Music Feature

Can I Take Your Photo?

by Jenn Peck
Known for photographing disenfranchised people and places, Zoe Strauss spoke about her portraits, her career and community ties at the Philadelphia Photo Arts Center.

I feel like I’ve stood behind Zoe Strauss in line at the grocery store before.  This is not because, as she stated on Saturday at the Philadelphia Photo Arts Center, she shops at the South Philly Acme, and so do I, but rather because she looks and sounds like someone who you’d run into at the grocery store:  an old friend, a reliable neighbor, a favorite aunt.  And while I’m not sure what I expected, it’s not surprising that Strauss comes across as an everyday person when her subjects are, in fact, everyday people.

"This is Cynthia,” Strauss introduced her first photograph during her talk at the Philadelphia Photo Arts Center last weekend.  Later, when an audience member asked her, why Cynthia?, Strauss didn’t hesitate. 

“Cynthia is not precocious.  She’s serious and a little concerned but not aggressive. She has an idea of being in the world, both physically and environmentally.”  

While your eye is drawn to Cynthia in the photograph, you also can’t help but notice the background.  Strauss made a point to say that the photograph had been taken less than ten blocks from where we were on North American Street at the Philadelphia Photo Arts Center.  And that, obviously, is important to Strauss.

It is so important that Strauss worked with the Philadelphia Photo Arts Center to produce the prints for her PMA exhibit and book.  “I wanted to print at a darkroom that supported Philadelphia arts,” Strauss commented.

“And they were the best,” she replied.  You could certainly feel the love between the artist and the center in the standing room only crowd at the lecture as the two thanked and complimented each other through the night.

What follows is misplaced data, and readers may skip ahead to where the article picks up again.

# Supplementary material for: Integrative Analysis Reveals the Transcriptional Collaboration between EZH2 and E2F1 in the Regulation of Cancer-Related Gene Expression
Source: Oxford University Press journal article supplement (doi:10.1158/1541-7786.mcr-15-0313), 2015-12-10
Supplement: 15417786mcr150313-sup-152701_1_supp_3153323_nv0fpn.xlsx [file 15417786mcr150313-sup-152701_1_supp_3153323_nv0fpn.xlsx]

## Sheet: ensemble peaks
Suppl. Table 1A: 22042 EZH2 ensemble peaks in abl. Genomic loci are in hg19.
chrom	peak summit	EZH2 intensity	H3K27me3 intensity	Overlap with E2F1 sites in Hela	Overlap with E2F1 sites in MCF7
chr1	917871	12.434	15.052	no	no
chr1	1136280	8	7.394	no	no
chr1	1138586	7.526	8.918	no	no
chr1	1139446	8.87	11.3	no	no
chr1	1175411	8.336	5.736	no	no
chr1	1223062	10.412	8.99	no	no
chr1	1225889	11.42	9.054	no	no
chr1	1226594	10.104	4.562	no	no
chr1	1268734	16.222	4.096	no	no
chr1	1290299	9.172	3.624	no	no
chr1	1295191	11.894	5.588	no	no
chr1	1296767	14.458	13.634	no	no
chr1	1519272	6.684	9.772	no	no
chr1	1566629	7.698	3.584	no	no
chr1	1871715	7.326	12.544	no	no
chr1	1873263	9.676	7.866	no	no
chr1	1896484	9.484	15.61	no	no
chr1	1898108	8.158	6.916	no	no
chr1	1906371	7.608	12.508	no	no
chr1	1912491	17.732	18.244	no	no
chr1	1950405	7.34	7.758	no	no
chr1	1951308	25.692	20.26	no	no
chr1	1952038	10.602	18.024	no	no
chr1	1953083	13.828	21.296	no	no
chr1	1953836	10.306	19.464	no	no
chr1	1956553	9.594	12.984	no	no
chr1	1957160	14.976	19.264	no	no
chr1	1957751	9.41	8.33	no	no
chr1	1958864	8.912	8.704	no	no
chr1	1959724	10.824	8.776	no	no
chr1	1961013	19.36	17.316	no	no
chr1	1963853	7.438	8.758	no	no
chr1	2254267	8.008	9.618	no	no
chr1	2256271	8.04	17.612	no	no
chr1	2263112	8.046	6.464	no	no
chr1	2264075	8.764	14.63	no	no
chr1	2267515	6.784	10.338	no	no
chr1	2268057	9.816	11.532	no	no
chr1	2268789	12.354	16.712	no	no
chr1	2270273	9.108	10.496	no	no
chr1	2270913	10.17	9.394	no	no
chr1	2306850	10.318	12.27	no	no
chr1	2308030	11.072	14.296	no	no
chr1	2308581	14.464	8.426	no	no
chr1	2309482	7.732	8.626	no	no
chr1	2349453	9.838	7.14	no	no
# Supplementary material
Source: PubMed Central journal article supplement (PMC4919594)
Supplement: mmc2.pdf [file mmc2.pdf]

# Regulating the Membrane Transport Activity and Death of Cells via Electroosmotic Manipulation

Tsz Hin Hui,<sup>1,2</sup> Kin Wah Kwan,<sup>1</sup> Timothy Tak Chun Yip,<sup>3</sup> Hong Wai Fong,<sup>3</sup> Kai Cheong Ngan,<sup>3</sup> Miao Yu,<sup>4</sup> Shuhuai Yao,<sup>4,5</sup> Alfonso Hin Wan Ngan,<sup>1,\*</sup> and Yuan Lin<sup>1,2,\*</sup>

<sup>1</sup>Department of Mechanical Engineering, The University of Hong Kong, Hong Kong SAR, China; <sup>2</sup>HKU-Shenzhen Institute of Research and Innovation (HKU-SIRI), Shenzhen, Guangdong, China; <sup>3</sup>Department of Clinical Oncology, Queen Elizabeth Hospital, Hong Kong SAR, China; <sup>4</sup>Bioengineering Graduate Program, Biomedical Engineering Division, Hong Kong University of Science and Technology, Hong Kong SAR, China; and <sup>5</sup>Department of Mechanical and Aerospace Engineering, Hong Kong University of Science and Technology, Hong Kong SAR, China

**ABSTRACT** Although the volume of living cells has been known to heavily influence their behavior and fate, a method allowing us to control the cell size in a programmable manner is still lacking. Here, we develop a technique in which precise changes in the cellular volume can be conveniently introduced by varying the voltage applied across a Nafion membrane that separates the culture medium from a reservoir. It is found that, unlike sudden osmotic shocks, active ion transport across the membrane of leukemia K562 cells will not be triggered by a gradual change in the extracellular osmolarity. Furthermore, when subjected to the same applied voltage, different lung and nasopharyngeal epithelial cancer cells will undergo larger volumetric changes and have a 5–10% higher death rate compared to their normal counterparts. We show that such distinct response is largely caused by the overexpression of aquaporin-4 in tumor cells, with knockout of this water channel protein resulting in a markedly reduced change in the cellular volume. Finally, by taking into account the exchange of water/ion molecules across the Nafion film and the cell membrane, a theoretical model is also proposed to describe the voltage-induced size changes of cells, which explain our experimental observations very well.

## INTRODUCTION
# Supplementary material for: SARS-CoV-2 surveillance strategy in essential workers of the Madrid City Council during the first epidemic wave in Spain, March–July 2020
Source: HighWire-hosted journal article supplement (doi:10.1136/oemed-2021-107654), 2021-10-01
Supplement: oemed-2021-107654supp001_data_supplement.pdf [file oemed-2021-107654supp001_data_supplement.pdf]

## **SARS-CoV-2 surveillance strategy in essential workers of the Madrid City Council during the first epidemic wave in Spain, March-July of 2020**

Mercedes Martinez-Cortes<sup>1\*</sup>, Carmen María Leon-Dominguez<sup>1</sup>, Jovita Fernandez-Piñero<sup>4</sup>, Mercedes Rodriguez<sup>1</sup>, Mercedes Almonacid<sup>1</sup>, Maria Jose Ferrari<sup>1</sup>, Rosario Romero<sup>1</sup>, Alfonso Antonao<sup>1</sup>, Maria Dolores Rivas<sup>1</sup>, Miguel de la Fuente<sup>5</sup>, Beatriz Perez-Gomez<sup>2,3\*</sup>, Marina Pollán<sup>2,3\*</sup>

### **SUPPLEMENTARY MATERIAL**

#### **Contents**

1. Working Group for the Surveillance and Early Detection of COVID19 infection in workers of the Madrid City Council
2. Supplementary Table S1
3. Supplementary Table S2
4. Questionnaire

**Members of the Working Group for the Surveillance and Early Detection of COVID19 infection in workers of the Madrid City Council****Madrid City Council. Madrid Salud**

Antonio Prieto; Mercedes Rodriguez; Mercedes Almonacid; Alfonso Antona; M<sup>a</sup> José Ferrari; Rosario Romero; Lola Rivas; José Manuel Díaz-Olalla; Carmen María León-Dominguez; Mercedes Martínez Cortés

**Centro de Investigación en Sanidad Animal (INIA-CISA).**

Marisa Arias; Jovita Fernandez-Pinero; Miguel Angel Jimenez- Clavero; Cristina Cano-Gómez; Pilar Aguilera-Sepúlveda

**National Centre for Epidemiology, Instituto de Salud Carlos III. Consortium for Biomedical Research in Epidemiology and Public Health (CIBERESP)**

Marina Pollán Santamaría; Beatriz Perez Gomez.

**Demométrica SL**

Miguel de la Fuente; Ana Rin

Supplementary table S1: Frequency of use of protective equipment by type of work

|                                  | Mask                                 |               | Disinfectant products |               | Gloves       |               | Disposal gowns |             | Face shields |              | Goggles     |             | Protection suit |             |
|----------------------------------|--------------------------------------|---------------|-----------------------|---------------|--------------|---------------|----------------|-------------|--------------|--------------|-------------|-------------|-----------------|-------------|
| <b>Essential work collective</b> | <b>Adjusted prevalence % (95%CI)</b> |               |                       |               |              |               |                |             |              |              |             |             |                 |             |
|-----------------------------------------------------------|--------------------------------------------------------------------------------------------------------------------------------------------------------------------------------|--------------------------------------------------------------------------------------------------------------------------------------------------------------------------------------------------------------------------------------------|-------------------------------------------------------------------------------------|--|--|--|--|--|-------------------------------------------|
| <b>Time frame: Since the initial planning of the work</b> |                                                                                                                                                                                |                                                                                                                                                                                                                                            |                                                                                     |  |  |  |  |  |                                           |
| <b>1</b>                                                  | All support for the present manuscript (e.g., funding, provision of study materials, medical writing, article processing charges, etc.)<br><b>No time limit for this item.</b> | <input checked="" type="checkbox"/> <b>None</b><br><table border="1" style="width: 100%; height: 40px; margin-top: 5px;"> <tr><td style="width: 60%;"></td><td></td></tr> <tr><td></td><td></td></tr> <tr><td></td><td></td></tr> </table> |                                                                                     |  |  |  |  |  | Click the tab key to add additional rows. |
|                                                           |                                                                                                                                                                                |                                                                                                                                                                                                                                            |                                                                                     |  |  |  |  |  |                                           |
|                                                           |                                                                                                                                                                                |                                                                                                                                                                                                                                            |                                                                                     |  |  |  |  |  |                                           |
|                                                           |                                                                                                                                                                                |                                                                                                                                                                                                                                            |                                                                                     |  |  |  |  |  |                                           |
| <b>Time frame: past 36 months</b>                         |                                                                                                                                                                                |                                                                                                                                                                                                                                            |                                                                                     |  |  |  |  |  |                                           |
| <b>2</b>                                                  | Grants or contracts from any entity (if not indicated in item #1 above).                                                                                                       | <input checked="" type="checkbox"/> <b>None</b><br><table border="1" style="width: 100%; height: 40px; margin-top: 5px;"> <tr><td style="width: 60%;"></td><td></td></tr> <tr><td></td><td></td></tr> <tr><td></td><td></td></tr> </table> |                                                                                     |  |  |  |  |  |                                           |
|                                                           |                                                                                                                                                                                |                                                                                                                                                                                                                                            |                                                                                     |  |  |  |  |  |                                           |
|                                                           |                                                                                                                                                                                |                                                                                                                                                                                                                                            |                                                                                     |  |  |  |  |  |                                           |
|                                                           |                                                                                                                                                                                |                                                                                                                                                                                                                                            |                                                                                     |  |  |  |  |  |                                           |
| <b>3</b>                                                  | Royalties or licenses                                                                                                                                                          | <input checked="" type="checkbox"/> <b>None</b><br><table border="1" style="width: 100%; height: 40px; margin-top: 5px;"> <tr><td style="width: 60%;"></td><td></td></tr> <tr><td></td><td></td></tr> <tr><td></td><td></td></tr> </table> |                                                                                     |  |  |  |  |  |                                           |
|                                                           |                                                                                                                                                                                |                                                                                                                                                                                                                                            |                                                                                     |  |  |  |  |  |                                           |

The book and the exhibit are two of three parts of Zoe Strauss: 10 Years, a retrospective.  The third, the Billboard Project, takes 54 images, no text, and places them around the city in an arrangement loosely based on The Odyssey, also a 10 year journey.  The billboards, along with the sideshow of her images displayed on the side of the actual museum building, are important to Strauss as she wanted to talk about how there are boundaries that keep people from coming to the museum.

Clear Channel donated over forty of the billboards.  “And here I thought they were always like, a Halliburton” Strauss told the crowd during her talk and she thought long and hard about where she wanted each photo.  (For an example, she places a photo of an animal on a beach soaked in oil from the BP oil spill right next to a photograph showing the reconstruction of the MOVE houses.  You can see the two if you’re moving toward West Philadelphia where the MOVE bombings took place.) 

And so her attention to detail of placement means you won’t be surprised that Under I-95 wasn’t just Strauss halfhazardly throwing photos on highway pillars.  From 2000 to 2010, on the first weekend in May, Strauss displayed her work choosing that weekend specifically and starting specifically at 1PM because of “the shaft of light fully illuminated the area” and it was “imperative to define [the installation] with this moment of illumination”.

Strauss spoke for over an hour at the Photo Arts Center and it is obvious talking about her photographs is as important to her as displaying them.  “I don’t want my work to be didactic,” she said while talking about art outside institutionalized space.  The oral tradition, like with the Odyssey, she feels, is her responsibility as well and so she goes to each place where a billboard is displayed and talks about the project. 

You may not be able to bring people to the art but you can bring the art to the people.  And you can make people the art.  And you can make people talk about the art.  Zoe Strauss is succeeding at all three.


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